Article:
ISEC cites only one case to support this expansive reading of the Convention, Laminoirs-Trefileries-Cableries de Lens v. Southwire Co., 484 F. Supp. 1063 (N.D.Ga. 1980). That case, however, did not involve a foreign award under the Convention, and did not implicate the jurisdictional question here raised, since there the parties' substantive and procedural choice of law, and the situs of the arbitration were both New York. It seems plain that the Convention does not address, contemplate or encompass a challenge to an award in the courts of the state where the award was rendered, since the relation of the courts to the arbitral proceedings is not an international, but a wholly domestic one, at least insofar as the Convention is concerned. Whether such an arbitration would be considered international because of the parties' nationalities under the Federal Arbitration Act, is irrelevant. See A. Van den Berg, The New York Arbitration Convention of 1958 19-20, 349-50 (Kluwer 1981).

Bridas has cited a case decided by our colleague Judge Keenan, American Construction Machinery & Equipment Corp. v. Mechanised Construction of Pakistan Ltd., 659 F. Supp. 426 (S.D.N.Y.), aff'd, 828 F.2d 117 (2d Cir. 1987), cert. denied, 484 U.S. 1064, 108 S.Ct. 1024, 98 L.Ed.2d 988 (1988), as authority against the ISEC position. This case involved a dispute between a Cayman Islands Company and a Pakistani company, arguably controlled by Pakistani substantive law and arbitrated in Geneva. Judge Keenan was asked to decline enforcement of the award on the ground that a challenge to it was pending in the courts of Pakistan. He ruled that "[t]he law under which this award was made was Swiss law because the award was rendered in Geneva pursuant to Geneva procedural law" 659 F. Supp. at 429 (emphasis added). This analysis was expressly affirmed in the Court of Appeals, and the Supreme Court declined to review it.

Our Circuit has set forth a brief history of the Convention in an enforcement, as distinguished from a jurisdictional, case under the Convention in Parsons & Whittimore Overseas Co., Inc., v. Société Générale De L'Industrie Du Papier (RAKTA), 508 F.2d 969, 973 (2d Cir. 1974), and in general terms has recognized that the basic thrust of the convention was to limit the broad attacks on foreign arbitral awards that had been authorized by the predecessor Geneva Convention of 1927, 92 League of Nations Treaty Ser. 2302.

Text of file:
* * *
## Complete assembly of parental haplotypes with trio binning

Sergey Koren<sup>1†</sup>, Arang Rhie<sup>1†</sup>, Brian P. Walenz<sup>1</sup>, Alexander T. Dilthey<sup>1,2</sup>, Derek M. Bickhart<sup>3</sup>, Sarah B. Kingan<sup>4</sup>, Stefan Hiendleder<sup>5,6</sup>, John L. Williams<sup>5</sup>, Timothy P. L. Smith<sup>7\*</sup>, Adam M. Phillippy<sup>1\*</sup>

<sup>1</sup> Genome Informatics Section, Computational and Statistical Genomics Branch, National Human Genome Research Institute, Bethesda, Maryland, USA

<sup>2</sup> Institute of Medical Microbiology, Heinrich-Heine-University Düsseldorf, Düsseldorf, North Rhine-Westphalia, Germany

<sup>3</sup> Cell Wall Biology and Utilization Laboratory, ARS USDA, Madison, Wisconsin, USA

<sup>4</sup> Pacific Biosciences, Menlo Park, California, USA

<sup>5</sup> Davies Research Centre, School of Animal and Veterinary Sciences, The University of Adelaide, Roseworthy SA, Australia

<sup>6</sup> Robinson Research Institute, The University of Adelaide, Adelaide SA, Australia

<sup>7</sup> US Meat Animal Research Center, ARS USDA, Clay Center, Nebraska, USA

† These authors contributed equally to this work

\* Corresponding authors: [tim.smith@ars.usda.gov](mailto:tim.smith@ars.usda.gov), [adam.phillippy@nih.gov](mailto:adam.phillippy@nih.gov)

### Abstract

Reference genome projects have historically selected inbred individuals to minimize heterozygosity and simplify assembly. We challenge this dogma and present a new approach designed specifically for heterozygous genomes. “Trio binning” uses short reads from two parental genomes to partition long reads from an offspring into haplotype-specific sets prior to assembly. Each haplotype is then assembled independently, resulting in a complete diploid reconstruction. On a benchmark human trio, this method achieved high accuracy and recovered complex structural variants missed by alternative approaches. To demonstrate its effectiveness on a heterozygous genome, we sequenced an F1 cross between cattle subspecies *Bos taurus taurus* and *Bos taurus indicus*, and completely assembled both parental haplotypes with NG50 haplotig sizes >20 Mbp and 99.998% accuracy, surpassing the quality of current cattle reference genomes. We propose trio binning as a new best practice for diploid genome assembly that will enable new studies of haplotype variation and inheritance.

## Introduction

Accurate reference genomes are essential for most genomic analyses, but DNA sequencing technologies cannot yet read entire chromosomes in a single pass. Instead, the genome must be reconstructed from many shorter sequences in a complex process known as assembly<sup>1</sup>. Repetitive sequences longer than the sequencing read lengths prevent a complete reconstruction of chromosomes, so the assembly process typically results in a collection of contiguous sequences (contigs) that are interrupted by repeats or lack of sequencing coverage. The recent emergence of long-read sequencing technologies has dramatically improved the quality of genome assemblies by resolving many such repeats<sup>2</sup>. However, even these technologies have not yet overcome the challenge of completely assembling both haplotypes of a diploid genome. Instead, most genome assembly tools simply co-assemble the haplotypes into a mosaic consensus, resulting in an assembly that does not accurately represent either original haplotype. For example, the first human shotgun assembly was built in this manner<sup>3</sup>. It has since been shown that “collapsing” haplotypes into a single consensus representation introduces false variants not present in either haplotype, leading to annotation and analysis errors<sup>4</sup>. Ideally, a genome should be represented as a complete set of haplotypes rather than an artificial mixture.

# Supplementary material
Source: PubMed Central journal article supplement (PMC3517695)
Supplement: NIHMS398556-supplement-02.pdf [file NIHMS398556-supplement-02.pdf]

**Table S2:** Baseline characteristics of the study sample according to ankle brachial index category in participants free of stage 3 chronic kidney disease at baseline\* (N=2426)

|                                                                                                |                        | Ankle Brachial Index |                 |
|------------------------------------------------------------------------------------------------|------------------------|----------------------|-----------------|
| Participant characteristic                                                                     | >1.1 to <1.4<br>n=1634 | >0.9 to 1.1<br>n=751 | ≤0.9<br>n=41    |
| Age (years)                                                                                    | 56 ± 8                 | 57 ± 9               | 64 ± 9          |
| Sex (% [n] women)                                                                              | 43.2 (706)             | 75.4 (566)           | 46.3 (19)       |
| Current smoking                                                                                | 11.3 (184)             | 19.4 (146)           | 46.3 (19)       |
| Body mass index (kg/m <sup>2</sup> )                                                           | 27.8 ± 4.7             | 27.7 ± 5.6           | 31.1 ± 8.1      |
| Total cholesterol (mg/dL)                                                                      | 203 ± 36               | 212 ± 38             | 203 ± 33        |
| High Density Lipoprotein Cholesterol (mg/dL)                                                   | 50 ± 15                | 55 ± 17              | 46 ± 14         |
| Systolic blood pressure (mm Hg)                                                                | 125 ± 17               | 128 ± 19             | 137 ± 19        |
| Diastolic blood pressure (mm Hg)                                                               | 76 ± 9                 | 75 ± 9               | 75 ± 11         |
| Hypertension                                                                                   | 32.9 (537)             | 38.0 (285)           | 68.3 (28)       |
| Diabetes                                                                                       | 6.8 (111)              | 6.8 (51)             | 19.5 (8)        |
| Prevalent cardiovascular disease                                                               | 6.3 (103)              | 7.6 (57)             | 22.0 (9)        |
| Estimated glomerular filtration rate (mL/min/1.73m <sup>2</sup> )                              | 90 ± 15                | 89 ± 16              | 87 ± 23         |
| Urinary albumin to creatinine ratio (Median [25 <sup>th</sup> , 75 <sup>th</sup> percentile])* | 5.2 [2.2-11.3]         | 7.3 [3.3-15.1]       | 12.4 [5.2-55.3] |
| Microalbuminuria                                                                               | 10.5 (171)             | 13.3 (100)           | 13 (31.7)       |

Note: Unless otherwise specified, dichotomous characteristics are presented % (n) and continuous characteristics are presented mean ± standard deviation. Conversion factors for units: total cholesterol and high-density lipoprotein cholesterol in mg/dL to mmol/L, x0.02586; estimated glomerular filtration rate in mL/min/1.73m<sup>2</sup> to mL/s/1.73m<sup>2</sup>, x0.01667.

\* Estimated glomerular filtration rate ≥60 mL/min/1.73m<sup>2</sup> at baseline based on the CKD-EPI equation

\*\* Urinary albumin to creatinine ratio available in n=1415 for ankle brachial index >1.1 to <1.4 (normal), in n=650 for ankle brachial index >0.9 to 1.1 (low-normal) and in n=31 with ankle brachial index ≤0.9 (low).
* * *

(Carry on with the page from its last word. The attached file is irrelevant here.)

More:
The New York Court of Appeals, in an opinion by its Chief Judge, in a jurisdictional case involving pre-arbitration attachment under the Convention, asserted that the policy underlying the Convention, the avoidance of "the vagaries of foreign law for international traders" would be defeated by the allowance of multiple suits (there in New York, the home of one of the parties), where the parties have agreed, by contract, to place their dispute in the hands of an international arbitral panel in a neutral legal forum, (there Switzerland). Cooper v. Ateliers De La Motobecane, S.A., 57 N.Y.2d 408, 410, 456 N YS.2d 728, 729, 442 N.E.2d 1239, 1240 (1982).

In Bergesen v. Joseph Muller Corp., 710 F.2d 928 (2d Cir. 1983), the Court interpreted certain terms of the Convention in a case involving an award arising from an arbitration held in New York between two foreign entities. The court construed the United States position in the draft proceedings leading to the adoption of the Convention as urging adoption of a territorial criterion on jurisdiction, this is, that the situs of the award, without regard to such factors as the nationality of the parties, the subject of the dispute and the rules of arbitral procedure, would determine if the award was "foreign" under the Convention. France and Germany, the Court pointed out, had on the other hand, urged that the nationality (that is, is the award foreign and therefore within the Convention, or domestic and therefore outside the Convention) of an award should be determined "by the law governing the procedure," 710 F.2d at 931. The Court noted that although an effort at compromise was made to restrict the territorial concept, the "final action by the convention appears to have had the opposite result, i.e., except as provided in paragraph 3, the first paragraph of Article I means that the convention applies to all arbitral awards rendered in the country other than the state of enforcement, whether or not such awards may be regarded as domestic in that state. . . ." Id.